• Alaska: Exploring the last frontier

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    By land area, it is, by some way, the biggest state in the Union, but it has one of the smallest populations, with only 730,000 people calling the ‘Last Frontier’ home. Bordering Canada to the east and facing Russia across the narrow Bering Strait to the west, Alaska is different. Separated geographically from the rest of the United States, it has a reputation for quirkiness and rugged individualism, and a spirit of adventure which still exerts a powerful appeal for those hardy souls who don’t mind a bit of snow; some 60% of Alaskans were born elsewhere. The state is also renowned for its pristine beauty and, with more miles of coastline than the rest of the USA combined, an ocean cruise has long been the most traditional introduction to Alaska for visitors. But to travel by land is to gain a whole new perspective on this wonder of world travel.


    The ‘Golden Heart City’ of Fairbanks, which, with a population a little over 32,000, is the second largest in the state, lies just 200 miles south of the Arctic Circle. In the middle of summer, that means its citizens experience almost continual sunlight, with the sun not setting until after midnight and rising again less than three hours later. Of course, the reverse applies during the winter months; you’ll be waiting till almost 11am to see the sun on a Fairbanks Christmas Day. One consolation on these crisp, dark days, though, is the spectacular appearance of the Northern Lights, rolling across the clear skies above, with the period from January to April offering the best views of this celestial phenomenon.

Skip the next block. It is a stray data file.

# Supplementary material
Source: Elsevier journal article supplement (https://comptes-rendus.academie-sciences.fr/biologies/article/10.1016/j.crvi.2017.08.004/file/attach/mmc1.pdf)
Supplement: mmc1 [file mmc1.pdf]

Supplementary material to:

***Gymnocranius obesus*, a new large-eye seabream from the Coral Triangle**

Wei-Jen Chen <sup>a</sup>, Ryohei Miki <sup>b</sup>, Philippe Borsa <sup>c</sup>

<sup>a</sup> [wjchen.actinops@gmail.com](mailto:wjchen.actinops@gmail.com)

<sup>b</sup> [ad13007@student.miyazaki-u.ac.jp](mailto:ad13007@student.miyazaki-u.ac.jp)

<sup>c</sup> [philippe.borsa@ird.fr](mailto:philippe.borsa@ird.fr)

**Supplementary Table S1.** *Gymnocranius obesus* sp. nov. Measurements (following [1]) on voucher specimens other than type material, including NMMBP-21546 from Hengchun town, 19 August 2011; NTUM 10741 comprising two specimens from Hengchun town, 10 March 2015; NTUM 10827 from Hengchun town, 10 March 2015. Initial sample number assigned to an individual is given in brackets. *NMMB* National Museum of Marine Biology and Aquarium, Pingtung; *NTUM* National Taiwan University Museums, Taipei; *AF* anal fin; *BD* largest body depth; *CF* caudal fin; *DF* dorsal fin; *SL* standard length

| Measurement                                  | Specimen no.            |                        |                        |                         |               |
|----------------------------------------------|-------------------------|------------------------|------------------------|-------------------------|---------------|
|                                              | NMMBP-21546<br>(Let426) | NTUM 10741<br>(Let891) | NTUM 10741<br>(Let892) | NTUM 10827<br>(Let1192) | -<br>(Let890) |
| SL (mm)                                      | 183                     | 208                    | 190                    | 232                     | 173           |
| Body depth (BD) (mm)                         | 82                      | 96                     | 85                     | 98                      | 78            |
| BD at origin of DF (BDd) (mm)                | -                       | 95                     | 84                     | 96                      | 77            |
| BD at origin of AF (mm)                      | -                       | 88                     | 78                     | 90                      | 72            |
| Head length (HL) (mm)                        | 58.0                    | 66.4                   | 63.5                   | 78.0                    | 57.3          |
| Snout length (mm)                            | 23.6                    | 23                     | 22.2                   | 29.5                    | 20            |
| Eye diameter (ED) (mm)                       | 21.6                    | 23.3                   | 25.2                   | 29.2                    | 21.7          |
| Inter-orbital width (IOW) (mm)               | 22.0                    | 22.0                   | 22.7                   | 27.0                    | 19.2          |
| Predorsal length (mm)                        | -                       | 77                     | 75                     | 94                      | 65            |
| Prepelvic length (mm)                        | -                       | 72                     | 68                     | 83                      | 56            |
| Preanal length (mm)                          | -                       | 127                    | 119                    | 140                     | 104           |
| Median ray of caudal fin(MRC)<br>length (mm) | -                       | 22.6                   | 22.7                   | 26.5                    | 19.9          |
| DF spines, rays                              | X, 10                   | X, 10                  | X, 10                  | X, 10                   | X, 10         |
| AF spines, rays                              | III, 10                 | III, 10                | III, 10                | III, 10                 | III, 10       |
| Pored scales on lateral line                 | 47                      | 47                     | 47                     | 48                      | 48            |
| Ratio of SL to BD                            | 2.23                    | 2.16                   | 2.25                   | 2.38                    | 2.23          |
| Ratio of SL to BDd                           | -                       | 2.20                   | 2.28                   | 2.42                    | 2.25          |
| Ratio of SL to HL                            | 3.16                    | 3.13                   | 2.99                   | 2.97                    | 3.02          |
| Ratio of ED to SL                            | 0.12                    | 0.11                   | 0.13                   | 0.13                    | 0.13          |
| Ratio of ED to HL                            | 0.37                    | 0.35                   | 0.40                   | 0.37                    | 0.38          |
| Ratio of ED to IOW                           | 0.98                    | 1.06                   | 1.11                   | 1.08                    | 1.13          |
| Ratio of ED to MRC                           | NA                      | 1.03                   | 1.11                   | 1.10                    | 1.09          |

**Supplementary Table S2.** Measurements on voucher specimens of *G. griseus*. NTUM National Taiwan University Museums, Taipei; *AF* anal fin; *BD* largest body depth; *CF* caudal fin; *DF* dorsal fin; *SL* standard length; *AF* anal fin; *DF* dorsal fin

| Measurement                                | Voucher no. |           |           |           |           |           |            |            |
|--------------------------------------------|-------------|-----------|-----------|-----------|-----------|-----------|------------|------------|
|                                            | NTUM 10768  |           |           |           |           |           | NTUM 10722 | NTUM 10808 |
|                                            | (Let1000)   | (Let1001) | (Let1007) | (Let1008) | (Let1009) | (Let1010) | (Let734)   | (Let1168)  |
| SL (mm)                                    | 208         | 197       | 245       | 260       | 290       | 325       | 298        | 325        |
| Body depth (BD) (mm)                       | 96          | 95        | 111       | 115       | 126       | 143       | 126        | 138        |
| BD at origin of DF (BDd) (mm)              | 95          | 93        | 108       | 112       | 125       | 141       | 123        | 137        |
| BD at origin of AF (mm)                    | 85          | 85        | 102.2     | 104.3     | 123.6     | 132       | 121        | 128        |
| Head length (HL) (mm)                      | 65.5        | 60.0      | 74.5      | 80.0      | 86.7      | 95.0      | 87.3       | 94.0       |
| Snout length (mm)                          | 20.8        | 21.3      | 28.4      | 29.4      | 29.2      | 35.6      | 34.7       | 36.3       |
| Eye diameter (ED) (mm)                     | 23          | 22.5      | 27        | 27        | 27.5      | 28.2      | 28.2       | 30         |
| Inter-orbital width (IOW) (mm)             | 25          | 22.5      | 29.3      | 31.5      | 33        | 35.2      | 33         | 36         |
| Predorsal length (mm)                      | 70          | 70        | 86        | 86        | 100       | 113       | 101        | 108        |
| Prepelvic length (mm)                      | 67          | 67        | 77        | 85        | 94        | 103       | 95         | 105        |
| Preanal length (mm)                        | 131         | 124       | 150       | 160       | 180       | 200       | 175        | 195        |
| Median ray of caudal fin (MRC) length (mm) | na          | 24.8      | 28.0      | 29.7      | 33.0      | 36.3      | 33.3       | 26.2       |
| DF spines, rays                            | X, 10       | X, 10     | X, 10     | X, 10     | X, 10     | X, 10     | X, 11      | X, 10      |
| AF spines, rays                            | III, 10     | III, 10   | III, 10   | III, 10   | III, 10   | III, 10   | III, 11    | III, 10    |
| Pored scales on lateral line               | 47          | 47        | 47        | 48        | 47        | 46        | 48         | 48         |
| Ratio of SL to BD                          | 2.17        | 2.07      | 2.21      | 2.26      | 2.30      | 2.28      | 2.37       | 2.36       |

Fairbanks was a city built on gold. Italian immigrant Felice Pedroni – better-known by his alias, Felix Pedro – had spent years searching for gold in the rivers and creeks of central Alaska, and then, in 1902, he made his big gold strike, some 16 miles north of modern Fairbanks. Word soon got out and the ensuing stampede of hundreds of hoary-handed Gold Rush pioneers rapidly transformed the basic trading post, opened here by riverboat captain E T Barnette only the previous year, into a thriving town; by 1905, it had a church, bank and various stores, and was connected to the outside world by telephone, telegraph and rail. Much was lost in a devastating fire in 1906, but Fairbanks was soon rebuilt, and by 1911, its population of 3,500 made it the biggest city in Alaska.


    Although gold production declined after the First World War, commercial gold mining still remains an important part of the local economy today; the largest gold mill in North America, at the Fort Knox Gold Mine 25 miles northeast of town, processes 40,000 tons of ore every day. Visitors can learn about the history of Fairbanks in the town’s excellent Pioneer Park, which is home to several museums dedicated to native Alaskan culture, vintage aircraft and the lives of the Gold Rush prospectors, as well as a vintage narrowgauge railway and a number of lovingly restored early 20th century buildings. Also worth seeing is the University of Alaska’s Museum of the North, whose varied collections include an enviable display of gold nuggets, as well as native art and natural history specimens. Don’t miss ‘Blue Babe’, a remarkable 36,000 year-old mummified steppe bison, discovered near Fairbanks in 1979.

    If you begin feeling the cold, head to Chena Hot Springs, around 60 miles east of Fairbanks. Founded over a century ago, this relaxing geothermal resort is famous for its steaming mineral water pools, alleged to possess curative properties for a range of ailments such as skin conditions, arthritis and circulatory disorders. Also here is the literally breathtaking Aurora Ice Museum, an exhibition hall in which the temperature is maintained at a bracing -7˚C, filled with intricate ice sculptures created by world-champion ice-carvers Steve and Heather Brice, including life-sized jousting knights and polar bears.